I discovered Anne Morrow Lindbergh’s writing when I was 18. Her Diaries and Letters from the years 1922-1945 were beginning to come out in print and I read all five volumes. (Bring Me a Unicorn, Hour of Gold Hour of Lead, Locked Rooms and Open Doors, The Flower and the Nettle, War Within and Without.) I read her eight other books. (North to the Orient, Listen, the Wind, The Wave of the Future The Steep Ascent, The Unicorn and Others Poems, Dearly Beloved, Gift From the Sea, and Earthshine.) I read every magazine article of hers I could find, many of them on micro-fiche or only available through inter-library loan.
I was a confused and depressed young woman reading the works of a confused and depressed young woman who seemed to think and feel much like I did, and who showed me a way to process my reflections and to record my impressions of life. I learned, like her, to think with a pen in my hand and to go through the day knowing I would write about it at its close. I began my own journal as I prefer to call them, and continue to write in it to this day.
Over the years I have had numerous Bouts of Lindbergh when I have re-read her entire oeuvre. I’ve been on what I call my Prurient Lindbergh Tours: A private tour of Next Day Hill, the Morrow home in New Jersey which is now a school. I rented a car purely to find the home from which the Lindbergh baby was kidnapped, now also a school. I walked right in and nosed around waiting for someone to throw me out, which no one did. The Lindberghs have been a weird little obsession of mine.
Anne Morrow Lindbergh was a gifted writer, but not so gifted that any of us might have heard of her except that her husband could call up Harcourt-Brace and ask them to read her manuscripts. She was married to arguably the most famous man of the 20th century. When I was 18, I swooned over her references to “C.,” Charles A. Lindbergh. But as I re-read the diaries and letters at later periods in my life, I got impatient with the hero-worship. After I finally pulled through my own adolescence at about age 49, I recognized her as stuck in a paradigm familiar to most women of my mother’s generation. Anne Morrow Lindbergh was unable to see herself –at least up until age 40 when the fifth volume ended– as a person of value apart from being a wife and mother. As a result she masochistically tried to conform to her husband’s control and definition of her.
I was wildly excited when I noticed that a sixth volume, Against Wind and Tide, Letters and Journals 1947-1986, had come out posthumously. (AML died in 2001 at the age of 94). I knew from reading her several biographies that Anne Morrow Lindbergh had learned to stand up to her husband, had gone through psycho-analysis and had had extra-marital love affairs. Here would be the writings of a mature woman who had finally come into her own.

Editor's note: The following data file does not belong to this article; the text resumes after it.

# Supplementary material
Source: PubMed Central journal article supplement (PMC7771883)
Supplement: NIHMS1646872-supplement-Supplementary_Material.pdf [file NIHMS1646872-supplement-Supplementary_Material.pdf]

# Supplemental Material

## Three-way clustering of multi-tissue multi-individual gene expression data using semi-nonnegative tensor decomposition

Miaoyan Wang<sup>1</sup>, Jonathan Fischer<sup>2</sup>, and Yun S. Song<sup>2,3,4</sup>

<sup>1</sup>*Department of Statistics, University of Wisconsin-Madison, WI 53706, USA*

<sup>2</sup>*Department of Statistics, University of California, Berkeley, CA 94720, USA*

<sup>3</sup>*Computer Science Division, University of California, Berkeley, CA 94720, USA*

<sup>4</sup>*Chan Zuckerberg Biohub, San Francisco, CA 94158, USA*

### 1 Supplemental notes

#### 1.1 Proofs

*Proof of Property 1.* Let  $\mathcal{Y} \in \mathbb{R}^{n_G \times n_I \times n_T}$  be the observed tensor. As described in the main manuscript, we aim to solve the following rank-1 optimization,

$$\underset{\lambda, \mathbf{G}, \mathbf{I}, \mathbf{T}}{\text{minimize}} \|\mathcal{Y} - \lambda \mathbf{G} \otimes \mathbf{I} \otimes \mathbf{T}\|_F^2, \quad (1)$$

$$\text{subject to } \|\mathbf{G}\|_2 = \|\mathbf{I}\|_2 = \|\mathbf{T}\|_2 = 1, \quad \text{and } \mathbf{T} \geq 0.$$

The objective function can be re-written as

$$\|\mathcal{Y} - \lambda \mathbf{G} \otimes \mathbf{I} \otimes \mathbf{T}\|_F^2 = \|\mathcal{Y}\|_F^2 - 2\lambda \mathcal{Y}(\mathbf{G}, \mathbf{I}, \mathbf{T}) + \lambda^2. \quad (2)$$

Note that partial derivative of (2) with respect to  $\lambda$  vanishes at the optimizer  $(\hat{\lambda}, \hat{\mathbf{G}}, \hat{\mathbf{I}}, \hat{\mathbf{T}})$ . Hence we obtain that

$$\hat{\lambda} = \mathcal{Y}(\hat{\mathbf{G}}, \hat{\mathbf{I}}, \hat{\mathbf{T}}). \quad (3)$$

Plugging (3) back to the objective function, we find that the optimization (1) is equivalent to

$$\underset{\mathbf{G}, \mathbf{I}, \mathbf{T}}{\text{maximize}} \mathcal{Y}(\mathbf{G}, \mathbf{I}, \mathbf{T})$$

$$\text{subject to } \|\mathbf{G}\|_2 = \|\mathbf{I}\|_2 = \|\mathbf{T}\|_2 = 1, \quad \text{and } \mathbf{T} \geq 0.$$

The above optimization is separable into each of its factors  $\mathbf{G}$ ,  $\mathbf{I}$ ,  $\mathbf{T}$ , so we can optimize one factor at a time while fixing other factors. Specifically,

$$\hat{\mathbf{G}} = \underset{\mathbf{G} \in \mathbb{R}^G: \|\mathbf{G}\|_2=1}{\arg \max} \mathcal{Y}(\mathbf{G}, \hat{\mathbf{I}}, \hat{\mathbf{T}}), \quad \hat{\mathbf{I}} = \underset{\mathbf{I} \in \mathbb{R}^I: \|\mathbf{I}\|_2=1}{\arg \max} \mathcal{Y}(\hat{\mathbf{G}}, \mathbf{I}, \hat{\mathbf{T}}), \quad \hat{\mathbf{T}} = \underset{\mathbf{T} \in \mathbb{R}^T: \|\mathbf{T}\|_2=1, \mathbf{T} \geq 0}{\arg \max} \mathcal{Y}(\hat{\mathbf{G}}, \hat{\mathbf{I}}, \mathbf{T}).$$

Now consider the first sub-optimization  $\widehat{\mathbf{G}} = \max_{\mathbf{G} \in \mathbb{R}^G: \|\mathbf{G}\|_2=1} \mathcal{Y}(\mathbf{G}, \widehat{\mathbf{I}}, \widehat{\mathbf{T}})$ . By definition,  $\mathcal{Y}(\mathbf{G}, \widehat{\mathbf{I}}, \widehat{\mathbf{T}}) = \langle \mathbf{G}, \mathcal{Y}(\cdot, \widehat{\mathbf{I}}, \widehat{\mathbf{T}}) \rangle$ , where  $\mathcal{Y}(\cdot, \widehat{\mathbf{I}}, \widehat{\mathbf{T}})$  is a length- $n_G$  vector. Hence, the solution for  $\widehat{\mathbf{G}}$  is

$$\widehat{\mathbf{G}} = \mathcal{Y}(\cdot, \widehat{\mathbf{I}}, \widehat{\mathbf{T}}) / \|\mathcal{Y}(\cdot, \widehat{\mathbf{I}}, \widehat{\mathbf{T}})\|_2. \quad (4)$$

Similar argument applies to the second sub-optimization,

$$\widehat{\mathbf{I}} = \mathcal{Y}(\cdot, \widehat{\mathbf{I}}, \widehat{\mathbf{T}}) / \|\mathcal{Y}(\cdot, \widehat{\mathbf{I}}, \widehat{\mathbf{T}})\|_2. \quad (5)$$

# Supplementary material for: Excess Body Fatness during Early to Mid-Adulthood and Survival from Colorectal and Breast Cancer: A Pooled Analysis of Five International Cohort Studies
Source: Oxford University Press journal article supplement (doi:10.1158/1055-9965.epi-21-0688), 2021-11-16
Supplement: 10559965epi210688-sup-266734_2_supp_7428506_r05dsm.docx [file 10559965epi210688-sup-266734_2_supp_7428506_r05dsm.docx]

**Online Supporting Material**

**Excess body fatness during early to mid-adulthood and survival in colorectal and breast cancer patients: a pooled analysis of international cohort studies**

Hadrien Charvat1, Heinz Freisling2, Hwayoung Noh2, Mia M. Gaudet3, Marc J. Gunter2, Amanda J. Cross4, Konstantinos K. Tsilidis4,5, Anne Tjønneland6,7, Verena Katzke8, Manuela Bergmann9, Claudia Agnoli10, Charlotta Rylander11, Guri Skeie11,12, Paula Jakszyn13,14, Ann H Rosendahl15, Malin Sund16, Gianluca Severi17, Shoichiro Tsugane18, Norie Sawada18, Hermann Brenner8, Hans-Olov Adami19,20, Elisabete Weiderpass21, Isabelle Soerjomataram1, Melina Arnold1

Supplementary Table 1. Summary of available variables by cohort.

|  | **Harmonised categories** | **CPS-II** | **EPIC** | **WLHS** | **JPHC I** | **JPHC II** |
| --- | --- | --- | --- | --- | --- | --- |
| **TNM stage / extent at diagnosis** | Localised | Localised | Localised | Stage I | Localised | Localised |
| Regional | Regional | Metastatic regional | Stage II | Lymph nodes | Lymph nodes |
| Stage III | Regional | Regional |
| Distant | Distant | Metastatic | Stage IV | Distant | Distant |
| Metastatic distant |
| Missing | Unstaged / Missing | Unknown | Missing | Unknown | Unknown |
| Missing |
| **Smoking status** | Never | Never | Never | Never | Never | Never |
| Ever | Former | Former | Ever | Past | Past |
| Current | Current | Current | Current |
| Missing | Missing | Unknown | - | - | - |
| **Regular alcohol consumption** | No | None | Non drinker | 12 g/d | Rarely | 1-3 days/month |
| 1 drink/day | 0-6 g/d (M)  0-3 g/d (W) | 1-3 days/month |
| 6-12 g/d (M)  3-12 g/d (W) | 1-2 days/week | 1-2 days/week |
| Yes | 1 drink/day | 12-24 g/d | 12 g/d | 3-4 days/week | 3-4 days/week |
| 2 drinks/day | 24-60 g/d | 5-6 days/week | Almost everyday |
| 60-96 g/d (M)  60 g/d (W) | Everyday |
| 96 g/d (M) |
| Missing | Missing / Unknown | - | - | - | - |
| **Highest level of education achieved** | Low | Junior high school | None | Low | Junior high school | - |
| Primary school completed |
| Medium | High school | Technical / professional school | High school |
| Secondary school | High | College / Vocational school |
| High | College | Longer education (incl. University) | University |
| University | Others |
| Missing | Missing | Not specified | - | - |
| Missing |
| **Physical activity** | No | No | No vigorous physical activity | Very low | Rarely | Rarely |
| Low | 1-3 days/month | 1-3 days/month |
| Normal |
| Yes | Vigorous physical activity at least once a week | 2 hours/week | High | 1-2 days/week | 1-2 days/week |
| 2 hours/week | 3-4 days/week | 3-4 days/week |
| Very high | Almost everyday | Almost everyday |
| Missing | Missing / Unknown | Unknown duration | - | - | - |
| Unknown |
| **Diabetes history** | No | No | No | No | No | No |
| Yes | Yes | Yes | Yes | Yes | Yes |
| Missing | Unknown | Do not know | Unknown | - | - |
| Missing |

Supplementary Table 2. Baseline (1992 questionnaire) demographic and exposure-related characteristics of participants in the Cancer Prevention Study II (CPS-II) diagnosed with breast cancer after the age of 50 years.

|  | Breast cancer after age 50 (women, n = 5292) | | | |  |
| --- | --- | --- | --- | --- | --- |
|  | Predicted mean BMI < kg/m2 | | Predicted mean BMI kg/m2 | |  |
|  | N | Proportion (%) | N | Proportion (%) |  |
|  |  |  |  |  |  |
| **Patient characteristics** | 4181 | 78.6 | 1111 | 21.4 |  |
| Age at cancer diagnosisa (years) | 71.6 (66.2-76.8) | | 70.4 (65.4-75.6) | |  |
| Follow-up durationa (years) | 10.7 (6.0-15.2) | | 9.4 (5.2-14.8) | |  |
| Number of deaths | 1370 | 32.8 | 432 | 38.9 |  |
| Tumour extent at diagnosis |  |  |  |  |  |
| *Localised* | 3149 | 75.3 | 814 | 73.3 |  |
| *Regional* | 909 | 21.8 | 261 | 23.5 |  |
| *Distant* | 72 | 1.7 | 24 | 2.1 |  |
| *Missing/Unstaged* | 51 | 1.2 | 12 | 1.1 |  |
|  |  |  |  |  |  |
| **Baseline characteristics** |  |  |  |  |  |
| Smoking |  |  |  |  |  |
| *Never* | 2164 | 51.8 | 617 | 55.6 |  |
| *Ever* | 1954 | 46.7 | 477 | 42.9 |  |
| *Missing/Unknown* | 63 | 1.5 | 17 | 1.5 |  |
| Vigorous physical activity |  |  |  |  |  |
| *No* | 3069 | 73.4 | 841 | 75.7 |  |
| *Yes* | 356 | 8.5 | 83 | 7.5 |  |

The book wasn’t like that. She sounded happier and more confident than in the previous volumes but there was so much left out that she doesn’t come across as psychologically believable. It’s not surprising, I suppose, given that she wasn’t the one editing the book, The editors were several of her own children who, God knows, have their own agendas and axes, whether conscious of them or not.
But here was the worst paragraph –for me– in the entire book:
“Women write for different reasons than men (That is, true women—who fufill women’s roles as well as write—not masculine women who are in another category.) There is a creative urge in men which I think is not as strong as in women who, after all, satisfy that in having children. It seems to me that true women often write out of an excess of the mother instinct in them.”
After all her reflecting and thinking, after everything she went through with a husband who today would probably be diagnosed and medicated, after psycho-analysis, for God sake, this is her conclusion? It sinks me without a trace. It’s paragraphs like this that give idols a bad name. It took me a day or two to consider that Anne Morrow Lindbergh was merely a person who came as far as she came in her life and whose writing influenced me.
It’s Mother’s Day. I’m happy for my friends who are mothers. Me, I love to write, to paint, to sing, and to teach. I believe that the last time I checked I was still a woman. To those of us who aren’t by strict definition mothers, we aren’t just “another category.” We are women who give life in incalculable ways.